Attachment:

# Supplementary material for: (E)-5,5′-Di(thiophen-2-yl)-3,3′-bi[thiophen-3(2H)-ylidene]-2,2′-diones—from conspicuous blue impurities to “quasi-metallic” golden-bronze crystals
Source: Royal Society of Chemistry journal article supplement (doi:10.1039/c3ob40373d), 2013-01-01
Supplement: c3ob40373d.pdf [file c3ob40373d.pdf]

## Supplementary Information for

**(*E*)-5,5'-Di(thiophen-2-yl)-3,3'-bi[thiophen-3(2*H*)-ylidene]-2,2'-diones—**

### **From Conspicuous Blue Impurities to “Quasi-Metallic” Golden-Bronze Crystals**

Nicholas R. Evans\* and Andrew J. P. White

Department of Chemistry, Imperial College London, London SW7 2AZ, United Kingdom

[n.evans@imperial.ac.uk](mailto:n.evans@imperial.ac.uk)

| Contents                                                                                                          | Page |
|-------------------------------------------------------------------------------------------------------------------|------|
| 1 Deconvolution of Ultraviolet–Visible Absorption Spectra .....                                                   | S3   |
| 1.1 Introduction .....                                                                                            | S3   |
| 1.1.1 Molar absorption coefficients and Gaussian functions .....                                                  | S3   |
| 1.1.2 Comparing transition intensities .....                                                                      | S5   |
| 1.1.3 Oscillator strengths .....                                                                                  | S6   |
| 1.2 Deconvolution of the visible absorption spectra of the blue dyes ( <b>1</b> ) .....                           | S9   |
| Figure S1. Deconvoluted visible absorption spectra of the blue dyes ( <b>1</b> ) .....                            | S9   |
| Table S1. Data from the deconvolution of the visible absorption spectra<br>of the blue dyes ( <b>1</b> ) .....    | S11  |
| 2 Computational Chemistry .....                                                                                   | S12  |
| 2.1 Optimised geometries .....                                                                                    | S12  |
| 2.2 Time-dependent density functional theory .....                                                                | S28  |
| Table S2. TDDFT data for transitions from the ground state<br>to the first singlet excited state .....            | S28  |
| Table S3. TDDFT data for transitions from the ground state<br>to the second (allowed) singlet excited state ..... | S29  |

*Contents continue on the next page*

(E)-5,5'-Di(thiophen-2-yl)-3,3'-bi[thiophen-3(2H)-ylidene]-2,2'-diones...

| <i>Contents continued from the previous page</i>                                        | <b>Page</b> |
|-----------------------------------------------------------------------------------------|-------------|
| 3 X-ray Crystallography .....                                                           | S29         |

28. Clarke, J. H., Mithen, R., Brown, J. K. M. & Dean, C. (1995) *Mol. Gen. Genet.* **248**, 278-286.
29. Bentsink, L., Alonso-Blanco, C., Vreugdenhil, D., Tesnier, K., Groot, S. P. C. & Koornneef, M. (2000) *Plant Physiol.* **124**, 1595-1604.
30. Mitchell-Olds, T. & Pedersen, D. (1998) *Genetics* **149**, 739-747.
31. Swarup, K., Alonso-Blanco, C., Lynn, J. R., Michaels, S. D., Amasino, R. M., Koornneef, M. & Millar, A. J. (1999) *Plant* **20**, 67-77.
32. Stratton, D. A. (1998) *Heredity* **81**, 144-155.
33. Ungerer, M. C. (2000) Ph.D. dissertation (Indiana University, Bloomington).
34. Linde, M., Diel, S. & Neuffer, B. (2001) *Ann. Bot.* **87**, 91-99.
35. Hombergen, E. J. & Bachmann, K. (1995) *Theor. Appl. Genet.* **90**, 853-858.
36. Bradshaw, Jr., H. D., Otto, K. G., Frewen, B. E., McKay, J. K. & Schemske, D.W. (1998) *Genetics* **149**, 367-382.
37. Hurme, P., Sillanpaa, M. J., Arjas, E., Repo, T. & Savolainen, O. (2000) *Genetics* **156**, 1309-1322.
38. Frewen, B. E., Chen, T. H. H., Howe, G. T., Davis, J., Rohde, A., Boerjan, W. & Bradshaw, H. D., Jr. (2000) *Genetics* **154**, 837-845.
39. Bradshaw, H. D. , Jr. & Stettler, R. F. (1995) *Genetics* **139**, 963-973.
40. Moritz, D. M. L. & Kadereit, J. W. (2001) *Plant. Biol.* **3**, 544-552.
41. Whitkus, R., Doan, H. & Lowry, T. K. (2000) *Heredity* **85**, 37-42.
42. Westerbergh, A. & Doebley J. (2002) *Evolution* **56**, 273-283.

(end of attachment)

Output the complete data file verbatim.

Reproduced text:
# Supplementary material for: (E)-5,5′-Di(thiophen-2-yl)-3,3′-bi[thiophen-3(2H)-ylidene]-2,2′-diones—from conspicuous blue impurities to “quasi-metallic” golden-bronze crystals
Source: Royal Society of Chemistry journal article supplement (doi:10.1039/c3ob40373d), 2013-01-01
Supplement: c3ob40373d.pdf [file c3ob40373d.pdf]

## Supplementary Information for

**(*E*)-5,5'-Di(thiophen-2-yl)-3,3'-bi[thiophen-3(2*H*)-ylidene]-2,2'-diones—**

### **From Conspicuous Blue Impurities to “Quasi-Metallic” Golden-Bronze Crystals**

Nicholas R. Evans\* and Andrew J. P. White

Department of Chemistry, Imperial College London, London SW7 2AZ, United Kingdom

[n.evans@imperial.ac.uk](mailto:n.evans@imperial.ac.uk)

| Contents                                                                                                          | Page |
|-------------------------------------------------------------------------------------------------------------------|------|
| 1 Deconvolution of Ultraviolet–Visible Absorption Spectra .....                                                   | S3   |
| 1.1 Introduction .....                                                                                            | S3   |
| 1.1.1 Molar absorption coefficients and Gaussian functions .....                                                  | S3   |
| 1.1.2 Comparing transition intensities .....                                                                      | S5   |
| 1.1.3 Oscillator strengths .....                                                                                  | S6   |
| 1.2 Deconvolution of the visible absorption spectra of the blue dyes ( <b>1</b> ) .....                           | S9   |
| Figure S1. Deconvoluted visible absorption spectra of the blue dyes ( <b>1</b> ) .....                            | S9   |
| Table S1. Data from the deconvolution of the visible absorption spectra<br>of the blue dyes ( <b>1</b> ) .....    | S11  |
| 2 Computational Chemistry .....                                                                                   | S12  |
| 2.1 Optimised geometries .....                                                                                    | S12  |
| 2.2 Time-dependent density functional theory .....                                                                | S28  |
| Table S2. TDDFT data for transitions from the ground state<br>to the first singlet excited state .....            | S28  |
| Table S3. TDDFT data for transitions from the ground state<br>to the second (allowed) singlet excited state ..... | S29  |

*Contents continue on the next page*

(E)-5,5'-Di(thiophen-2-yl)-3,3'-bi[thiophen-3(2H)-ylidene]-2,2'-diones...

| <i>Contents continued from the previous page</i>                                        | <b>Page</b> |
|-----------------------------------------------------------------------------------------|-------------|
| 3 X-ray Crystallography .....                                                           | S29         |

28. Clarke, J. H., Mithen, R., Brown, J. K. M. & Dean, C. (1995) *Mol. Gen. Genet.* **248**, 278-286.
29. Bentsink, L., Alonso-Blanco, C., Vreugdenhil, D., Tesnier, K., Groot, S. P. C. & Koornneef, M. (2000) *Plant Physiol.* **124**, 1595-1604.
30. Mitchell-Olds, T. & Pedersen, D. (1998) *Genetics* **149**, 739-747.
31. Swarup, K., Alonso-Blanco, C., Lynn, J. R., Michaels, S. D., Amasino, R. M., Koornneef, M. & Millar, A. J. (1999) *Plant* **20**, 67-77.
32. Stratton, D. A. (1998) *Heredity* **81**, 144-155.
33. Ungerer, M. C. (2000) Ph.D. dissertation (Indiana University, Bloomington).
34. Linde, M., Diel, S. & Neuffer, B. (2001) *Ann. Bot.* **87**, 91-99.
35. Hombergen, E. J. & Bachmann, K. (1995) *Theor. Appl. Genet.* **90**, 853-858.
36. Bradshaw, Jr., H. D., Otto, K. G., Frewen, B. E., McKay, J. K. & Schemske, D.W. (1998) *Genetics* **149**, 367-382.
37. Hurme, P., Sillanpaa, M. J., Arjas, E., Repo, T. & Savolainen, O. (2000) *Genetics* **156**, 1309-1322.
38. Frewen, B. E., Chen, T. H. H., Howe, G. T., Davis, J., Rohde, A., Boerjan, W. & Bradshaw, H. D., Jr. (2000) *Genetics* **154**, 837-845.
39. Bradshaw, H. D. , Jr. & Stettler, R. F. (1995) *Genetics* **139**, 963-973.
40. Moritz, D. M. L. & Kadereit, J. W. (2001) *Plant. Biol.* **3**, 544-552.
41. Whitkus, R., Doan, H. & Lowry, T. K. (2000) *Heredity* **85**, 37-42.
42. Westerbergh, A. & Doebley J. (2002) *Evolution* **56**, 273-283.